|The Picture of Dorian Gray @ The Tabard|
Gabriella La Rocca on Oscar Wilde's modernised masterpiece
‘The devil knows all the tunes,’ says Harry, a manipulative and conceited Wilde. He is a strong influence on a beautiful and innocent Dorian, who becomes Wilde’s corrupted voice. Then there’s Basil, Wilde as a man of aesthetics and morals; he’s the painter who made Dorian aware of his beauty and is the constant and balancing force between Harry and Dorian. He fails. This is Wilde’s only novel where the three characters explore three parts of the author’s personality.
Isn’t so tempting to go for all the tunes of the devil? Forget morals, they don’t mix with hedonism, and Basil pleads with Harry not to get close to Dorian. Instead Harry ignores him and teaches Dorian how to enjoy life by exploiting beauty and youth, and how he should make the most of it because they are only temporary. He tells him that he can have everything and everyone he wants, pleasure is all that matters, the soul and senses become one.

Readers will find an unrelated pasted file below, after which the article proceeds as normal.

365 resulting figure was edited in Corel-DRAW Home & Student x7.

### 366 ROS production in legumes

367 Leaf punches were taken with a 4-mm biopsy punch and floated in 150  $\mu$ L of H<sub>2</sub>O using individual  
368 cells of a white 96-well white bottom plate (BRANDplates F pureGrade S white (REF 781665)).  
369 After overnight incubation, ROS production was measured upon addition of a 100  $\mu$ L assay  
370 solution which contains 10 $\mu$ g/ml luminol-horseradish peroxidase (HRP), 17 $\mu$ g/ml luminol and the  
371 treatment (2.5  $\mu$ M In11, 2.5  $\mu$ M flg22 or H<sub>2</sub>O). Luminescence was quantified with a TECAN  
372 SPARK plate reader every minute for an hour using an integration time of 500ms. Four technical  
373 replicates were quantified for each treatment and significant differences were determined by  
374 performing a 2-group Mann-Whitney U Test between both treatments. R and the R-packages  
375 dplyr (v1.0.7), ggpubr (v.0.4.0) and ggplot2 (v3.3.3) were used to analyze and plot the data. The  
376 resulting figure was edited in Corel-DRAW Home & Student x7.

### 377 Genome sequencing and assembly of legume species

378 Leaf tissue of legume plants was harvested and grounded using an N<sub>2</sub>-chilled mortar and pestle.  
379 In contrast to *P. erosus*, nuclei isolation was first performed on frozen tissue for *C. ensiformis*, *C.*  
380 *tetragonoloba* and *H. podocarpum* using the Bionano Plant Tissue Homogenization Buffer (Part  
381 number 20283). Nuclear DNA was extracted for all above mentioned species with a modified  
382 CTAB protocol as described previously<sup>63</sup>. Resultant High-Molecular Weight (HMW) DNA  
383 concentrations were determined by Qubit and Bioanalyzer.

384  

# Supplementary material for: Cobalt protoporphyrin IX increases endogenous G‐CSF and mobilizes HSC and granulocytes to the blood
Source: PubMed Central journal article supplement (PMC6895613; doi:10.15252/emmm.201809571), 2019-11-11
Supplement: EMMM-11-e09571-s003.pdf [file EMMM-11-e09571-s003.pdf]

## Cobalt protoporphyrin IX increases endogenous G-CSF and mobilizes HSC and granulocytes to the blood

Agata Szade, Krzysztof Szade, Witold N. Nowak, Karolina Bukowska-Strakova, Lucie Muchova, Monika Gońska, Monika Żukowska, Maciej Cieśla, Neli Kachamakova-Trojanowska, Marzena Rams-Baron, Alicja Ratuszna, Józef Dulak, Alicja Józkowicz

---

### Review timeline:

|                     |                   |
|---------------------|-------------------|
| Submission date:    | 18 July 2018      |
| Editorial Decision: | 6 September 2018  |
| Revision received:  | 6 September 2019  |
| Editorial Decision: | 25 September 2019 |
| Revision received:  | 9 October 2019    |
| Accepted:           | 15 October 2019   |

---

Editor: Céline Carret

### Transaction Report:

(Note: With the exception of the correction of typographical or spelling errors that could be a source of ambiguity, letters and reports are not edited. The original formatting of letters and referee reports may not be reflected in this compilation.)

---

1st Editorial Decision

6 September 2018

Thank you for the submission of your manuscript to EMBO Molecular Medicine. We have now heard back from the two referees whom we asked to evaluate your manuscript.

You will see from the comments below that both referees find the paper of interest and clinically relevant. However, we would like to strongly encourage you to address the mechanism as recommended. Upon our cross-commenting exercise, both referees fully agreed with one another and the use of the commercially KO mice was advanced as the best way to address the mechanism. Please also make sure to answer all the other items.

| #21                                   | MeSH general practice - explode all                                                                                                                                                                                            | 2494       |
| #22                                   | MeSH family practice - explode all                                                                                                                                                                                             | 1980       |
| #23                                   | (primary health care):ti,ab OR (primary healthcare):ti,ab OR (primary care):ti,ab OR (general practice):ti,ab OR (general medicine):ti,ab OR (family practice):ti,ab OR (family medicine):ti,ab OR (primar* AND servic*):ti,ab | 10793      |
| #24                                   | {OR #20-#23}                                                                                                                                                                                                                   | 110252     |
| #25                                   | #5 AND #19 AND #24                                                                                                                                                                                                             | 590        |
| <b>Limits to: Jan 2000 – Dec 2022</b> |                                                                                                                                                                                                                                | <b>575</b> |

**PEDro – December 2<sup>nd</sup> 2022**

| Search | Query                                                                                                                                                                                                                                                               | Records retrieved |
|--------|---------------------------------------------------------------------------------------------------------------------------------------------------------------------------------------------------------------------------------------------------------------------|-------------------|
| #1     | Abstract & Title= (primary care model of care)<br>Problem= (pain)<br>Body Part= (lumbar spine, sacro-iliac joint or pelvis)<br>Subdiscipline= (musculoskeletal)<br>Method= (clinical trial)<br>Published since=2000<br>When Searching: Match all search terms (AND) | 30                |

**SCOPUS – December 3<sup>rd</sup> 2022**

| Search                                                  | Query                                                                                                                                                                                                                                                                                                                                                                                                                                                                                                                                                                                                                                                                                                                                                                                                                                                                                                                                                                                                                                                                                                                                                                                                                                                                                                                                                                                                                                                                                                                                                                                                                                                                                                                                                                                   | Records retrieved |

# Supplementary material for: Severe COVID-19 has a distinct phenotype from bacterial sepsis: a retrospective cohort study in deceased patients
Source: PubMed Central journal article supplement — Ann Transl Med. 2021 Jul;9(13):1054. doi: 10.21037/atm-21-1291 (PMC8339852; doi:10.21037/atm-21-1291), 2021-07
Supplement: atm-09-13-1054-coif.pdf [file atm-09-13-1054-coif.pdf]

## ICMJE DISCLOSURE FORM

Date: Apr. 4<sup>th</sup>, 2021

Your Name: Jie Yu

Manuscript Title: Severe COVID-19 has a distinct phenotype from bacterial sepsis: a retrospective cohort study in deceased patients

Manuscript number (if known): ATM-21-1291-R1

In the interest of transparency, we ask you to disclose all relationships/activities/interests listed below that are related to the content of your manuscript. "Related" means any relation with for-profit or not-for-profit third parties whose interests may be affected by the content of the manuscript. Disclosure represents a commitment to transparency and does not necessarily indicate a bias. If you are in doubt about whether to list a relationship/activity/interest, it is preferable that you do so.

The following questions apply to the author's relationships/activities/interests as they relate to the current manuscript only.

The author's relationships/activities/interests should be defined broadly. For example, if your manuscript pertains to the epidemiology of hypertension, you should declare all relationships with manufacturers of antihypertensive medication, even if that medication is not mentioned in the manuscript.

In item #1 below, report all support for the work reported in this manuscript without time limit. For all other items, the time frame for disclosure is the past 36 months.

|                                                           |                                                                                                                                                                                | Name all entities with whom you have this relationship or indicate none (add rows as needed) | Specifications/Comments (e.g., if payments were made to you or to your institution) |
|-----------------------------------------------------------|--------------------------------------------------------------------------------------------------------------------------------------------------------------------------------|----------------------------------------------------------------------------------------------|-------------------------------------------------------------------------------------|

Dorian goes ahead and lives to Harry’s hedonistic ideas. He seeks fame, becomes a celebrity and driven only by mental and carnal pleasure enters the seedy world of London, causing scandal. Slave of his own pleasures Dorian does not want to lose his looks and wishes that Basil’s portrait grew old instead. He spirals out of control ruining the lives of those around him.
The writers of this musical adaptation produced by Kangaroo Court skilfully bring Dorian Gray into the 21st Century’s celebrity machine. Sybil played by Natalie Gray, a very talented drama student is the first victim of Dorian’s destructive mind, but she is also the perfect embodiment of today’s mediocre singers; their desire to become a celebrity induces them to promote themselves with videos packed with overexposed flesh verging on soft porn.
Wilde’s novel is transformed into a well performed musical focusing on Wilde’s thoughts on self indulgence, and although you see very little of Basil Hallward, the Wilde as spokesman of Aestheticism it does not distort Dorian Gray or Harry.
It is truly an enjoyable evening. The cast, fresh and talented, include Gary Richens as Harry, Chris Webster as Dorian Gray, and Nicholas Thompson as Basil. Ben Parson plays a young doctor afraid of his sexuality, the confident and talented chorus made up by Megan Pugh and David Templeman injects the audience with laughter.
Gabriella La Rocca
October 31, 2008